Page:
Refugees, migrants and Ireland

4 Sep 2015 Nick Garbutt    Last updated: 4 Sep 2015

A famine victim is given the last rites on arriving in Canada

Scope editor Nick Garbutt reflects on the refugee crisis and looks back at Ireland's history of migration 

Finally the debate about what to do about the refugee crisis has become rational, sensible and compassionate.

Only a few weeks ago David Cameron was talking about “swarms of migrants” storming the UK, presumably hell bent on taking our homes, jobs, places at school and hospital beds.

It has taken one shocking picture to change that discourse to one that recognises the crisis, and is examining, urgently, what should be done about it.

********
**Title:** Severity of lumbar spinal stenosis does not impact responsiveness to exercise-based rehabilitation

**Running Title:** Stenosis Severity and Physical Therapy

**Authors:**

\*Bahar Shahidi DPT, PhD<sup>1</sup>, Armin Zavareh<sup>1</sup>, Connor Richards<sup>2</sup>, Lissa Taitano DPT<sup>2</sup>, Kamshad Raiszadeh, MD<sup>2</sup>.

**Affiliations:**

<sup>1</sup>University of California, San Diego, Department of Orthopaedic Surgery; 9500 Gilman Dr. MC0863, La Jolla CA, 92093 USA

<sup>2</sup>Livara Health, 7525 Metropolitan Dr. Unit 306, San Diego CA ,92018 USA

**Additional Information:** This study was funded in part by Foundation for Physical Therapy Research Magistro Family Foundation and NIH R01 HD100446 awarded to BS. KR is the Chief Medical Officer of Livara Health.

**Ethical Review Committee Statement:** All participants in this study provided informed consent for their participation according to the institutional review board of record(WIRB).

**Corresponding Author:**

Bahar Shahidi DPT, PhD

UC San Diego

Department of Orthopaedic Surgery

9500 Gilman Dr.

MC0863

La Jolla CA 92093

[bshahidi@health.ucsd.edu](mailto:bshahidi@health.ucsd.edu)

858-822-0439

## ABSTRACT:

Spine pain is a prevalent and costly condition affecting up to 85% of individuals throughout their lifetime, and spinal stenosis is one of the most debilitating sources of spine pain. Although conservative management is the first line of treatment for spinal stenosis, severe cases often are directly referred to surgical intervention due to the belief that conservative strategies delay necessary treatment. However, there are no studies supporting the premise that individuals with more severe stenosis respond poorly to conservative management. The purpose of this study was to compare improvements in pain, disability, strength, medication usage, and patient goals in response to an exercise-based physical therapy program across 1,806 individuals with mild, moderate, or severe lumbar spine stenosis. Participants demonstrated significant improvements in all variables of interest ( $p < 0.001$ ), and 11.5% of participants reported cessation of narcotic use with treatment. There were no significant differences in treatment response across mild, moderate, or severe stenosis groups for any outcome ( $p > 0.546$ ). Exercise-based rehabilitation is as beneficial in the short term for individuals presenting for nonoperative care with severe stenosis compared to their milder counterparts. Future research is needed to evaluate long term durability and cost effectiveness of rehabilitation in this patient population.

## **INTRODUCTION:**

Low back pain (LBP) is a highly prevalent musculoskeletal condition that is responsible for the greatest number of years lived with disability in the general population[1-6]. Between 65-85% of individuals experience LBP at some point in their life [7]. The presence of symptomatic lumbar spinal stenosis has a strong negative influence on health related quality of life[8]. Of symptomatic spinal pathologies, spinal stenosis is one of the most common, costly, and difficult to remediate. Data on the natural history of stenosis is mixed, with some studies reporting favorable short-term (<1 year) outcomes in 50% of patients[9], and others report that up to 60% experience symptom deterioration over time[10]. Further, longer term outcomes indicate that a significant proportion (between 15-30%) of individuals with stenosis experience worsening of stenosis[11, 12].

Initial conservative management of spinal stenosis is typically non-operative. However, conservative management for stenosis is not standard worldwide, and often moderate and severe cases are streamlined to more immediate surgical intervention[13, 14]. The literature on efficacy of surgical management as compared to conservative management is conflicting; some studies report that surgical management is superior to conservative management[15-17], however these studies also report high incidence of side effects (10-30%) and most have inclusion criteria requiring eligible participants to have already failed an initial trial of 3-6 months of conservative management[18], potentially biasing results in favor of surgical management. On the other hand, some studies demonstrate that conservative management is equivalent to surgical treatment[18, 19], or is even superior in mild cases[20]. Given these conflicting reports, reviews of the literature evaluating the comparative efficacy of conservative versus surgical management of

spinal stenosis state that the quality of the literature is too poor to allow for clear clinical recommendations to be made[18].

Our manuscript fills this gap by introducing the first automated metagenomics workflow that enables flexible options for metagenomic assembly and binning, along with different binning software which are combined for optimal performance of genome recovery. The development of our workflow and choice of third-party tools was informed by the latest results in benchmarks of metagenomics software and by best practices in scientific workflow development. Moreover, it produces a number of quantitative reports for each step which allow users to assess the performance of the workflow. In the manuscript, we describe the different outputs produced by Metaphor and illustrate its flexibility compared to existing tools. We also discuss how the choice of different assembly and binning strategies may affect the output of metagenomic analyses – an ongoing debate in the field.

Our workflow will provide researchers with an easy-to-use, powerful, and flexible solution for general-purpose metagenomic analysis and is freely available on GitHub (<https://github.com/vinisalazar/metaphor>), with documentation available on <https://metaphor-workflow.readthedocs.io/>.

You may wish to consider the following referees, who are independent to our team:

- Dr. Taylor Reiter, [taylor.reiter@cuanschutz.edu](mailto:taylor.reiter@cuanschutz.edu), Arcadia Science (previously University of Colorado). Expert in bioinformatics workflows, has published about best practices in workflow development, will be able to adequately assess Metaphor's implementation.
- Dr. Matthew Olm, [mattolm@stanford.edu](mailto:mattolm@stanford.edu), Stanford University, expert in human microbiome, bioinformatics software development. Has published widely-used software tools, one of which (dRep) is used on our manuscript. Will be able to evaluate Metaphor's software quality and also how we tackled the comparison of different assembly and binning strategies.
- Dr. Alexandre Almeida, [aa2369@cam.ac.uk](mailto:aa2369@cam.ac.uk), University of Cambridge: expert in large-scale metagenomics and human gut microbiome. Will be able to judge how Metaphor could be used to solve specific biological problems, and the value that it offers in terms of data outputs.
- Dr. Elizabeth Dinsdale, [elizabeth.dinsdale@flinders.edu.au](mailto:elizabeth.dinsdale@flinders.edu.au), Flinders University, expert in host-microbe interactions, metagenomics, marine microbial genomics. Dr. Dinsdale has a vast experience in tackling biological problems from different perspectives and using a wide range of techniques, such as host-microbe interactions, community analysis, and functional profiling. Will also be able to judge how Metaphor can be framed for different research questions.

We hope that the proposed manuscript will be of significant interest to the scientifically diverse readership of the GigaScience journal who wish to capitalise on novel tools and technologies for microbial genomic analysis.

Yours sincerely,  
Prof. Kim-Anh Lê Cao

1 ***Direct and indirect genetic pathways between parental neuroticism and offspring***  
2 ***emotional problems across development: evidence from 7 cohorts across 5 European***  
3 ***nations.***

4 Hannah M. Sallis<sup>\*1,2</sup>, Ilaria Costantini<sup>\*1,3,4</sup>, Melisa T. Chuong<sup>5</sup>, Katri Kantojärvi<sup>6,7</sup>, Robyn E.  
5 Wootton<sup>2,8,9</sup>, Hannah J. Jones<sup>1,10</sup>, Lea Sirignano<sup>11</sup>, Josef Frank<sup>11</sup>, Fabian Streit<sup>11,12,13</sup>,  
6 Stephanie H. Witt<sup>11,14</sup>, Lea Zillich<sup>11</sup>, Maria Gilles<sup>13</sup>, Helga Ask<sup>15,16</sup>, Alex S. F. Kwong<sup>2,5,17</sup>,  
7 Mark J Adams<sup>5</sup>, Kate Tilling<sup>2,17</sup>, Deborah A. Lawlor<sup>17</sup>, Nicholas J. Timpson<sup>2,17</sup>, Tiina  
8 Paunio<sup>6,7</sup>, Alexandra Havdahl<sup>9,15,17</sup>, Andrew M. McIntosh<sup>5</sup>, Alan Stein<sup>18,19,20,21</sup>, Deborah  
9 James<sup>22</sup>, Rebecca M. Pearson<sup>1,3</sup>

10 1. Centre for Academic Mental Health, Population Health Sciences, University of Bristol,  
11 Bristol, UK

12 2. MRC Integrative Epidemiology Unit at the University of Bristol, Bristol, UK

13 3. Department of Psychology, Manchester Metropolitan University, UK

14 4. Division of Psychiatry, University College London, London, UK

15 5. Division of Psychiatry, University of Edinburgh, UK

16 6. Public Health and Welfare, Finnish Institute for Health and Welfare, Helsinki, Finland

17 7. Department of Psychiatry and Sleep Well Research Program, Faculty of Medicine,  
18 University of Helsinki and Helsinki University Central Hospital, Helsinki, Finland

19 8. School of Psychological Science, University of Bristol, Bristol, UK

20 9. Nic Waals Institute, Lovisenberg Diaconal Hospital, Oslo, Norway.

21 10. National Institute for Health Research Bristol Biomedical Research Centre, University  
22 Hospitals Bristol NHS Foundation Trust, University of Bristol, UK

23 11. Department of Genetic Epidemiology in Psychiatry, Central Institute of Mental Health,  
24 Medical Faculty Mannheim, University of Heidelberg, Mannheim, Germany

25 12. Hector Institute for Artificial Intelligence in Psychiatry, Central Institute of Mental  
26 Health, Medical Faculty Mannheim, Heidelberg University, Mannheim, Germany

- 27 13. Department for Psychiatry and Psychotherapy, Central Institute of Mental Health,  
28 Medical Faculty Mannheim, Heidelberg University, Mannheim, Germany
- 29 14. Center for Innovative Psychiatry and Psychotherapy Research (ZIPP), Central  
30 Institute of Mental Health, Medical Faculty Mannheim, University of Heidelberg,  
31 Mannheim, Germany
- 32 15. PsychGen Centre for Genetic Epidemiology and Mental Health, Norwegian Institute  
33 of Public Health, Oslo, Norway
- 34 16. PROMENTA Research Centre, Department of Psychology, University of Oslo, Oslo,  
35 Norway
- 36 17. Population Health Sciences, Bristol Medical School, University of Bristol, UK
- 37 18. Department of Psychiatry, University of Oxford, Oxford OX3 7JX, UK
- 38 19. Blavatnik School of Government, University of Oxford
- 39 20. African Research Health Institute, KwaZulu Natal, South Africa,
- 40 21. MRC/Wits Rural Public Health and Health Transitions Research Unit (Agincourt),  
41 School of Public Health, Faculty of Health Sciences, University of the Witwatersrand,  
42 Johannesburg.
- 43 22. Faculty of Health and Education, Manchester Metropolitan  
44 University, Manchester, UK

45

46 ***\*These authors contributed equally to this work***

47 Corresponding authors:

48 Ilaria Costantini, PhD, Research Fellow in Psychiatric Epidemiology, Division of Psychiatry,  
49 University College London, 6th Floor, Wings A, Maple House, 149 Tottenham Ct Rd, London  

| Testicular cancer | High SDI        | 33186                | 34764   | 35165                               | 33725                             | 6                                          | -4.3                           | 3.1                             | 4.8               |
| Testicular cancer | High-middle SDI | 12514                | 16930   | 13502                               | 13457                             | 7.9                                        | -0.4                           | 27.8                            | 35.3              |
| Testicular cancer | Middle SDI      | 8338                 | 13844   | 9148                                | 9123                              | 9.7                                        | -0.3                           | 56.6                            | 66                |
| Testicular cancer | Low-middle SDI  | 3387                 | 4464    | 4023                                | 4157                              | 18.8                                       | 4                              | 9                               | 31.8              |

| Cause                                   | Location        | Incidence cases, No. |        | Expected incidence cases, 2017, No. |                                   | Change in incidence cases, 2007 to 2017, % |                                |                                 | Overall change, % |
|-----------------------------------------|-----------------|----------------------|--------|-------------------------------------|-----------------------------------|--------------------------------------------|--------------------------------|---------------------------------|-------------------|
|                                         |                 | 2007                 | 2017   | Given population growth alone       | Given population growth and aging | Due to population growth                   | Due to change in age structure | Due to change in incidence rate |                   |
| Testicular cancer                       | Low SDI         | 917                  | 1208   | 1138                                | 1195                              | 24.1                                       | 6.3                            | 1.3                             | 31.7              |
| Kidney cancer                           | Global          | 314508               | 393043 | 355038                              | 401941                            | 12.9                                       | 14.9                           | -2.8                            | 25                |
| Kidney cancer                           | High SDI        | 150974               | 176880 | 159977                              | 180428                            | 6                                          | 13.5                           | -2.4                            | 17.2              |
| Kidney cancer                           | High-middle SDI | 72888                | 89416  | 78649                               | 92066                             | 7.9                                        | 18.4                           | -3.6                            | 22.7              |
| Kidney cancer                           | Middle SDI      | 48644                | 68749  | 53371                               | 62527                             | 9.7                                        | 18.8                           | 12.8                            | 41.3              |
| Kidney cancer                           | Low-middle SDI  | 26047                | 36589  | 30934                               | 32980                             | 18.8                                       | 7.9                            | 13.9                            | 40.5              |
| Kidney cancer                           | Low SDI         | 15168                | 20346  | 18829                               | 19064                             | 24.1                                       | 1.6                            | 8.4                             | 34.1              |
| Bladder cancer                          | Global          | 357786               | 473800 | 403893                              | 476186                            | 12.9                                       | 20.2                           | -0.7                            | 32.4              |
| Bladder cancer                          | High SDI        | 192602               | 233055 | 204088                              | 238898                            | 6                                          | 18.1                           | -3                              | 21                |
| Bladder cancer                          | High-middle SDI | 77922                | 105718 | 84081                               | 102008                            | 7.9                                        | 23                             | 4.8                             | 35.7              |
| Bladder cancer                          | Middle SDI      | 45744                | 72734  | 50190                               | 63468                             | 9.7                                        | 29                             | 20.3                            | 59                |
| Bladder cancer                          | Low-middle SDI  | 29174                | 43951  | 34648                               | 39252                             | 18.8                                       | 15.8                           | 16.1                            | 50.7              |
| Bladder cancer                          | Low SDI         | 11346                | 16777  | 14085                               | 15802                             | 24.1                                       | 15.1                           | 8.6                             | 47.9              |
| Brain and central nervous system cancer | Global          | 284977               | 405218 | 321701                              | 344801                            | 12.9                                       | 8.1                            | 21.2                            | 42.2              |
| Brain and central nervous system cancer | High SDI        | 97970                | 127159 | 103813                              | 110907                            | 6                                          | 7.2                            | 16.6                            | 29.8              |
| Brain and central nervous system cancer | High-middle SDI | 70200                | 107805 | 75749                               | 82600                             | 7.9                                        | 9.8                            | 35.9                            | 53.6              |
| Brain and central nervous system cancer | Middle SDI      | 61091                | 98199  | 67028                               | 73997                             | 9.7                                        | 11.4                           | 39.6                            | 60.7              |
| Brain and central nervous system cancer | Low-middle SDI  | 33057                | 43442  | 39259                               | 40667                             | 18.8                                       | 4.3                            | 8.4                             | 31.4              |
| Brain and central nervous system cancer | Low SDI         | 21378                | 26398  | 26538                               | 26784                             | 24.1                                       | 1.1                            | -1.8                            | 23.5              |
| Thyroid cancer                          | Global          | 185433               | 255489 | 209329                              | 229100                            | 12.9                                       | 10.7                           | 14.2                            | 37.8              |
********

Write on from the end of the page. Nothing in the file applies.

Deputy First Minister Martin McGuinness wants us to take in 2,000. Many individuals have come forward to offer spare rooms and food. There is a growing sense that we can no longer turn our backs to what has been happening.

This is how it should be in Ireland, both north and south, because since the mid 19th centuries our economies have been dependent on emigration.

In 1841, the population of Ireland was estimated at 8,175,124  million, it was probably rather more than that. By 1851 it had fallen to 6,552,385. It is believed that around a million died at home as a result of starvation, typhus or other diseases which means that the balance emigrated.  And over the decades that followed many more left so that today the combined population of Ireland is still less than it was before the Famine.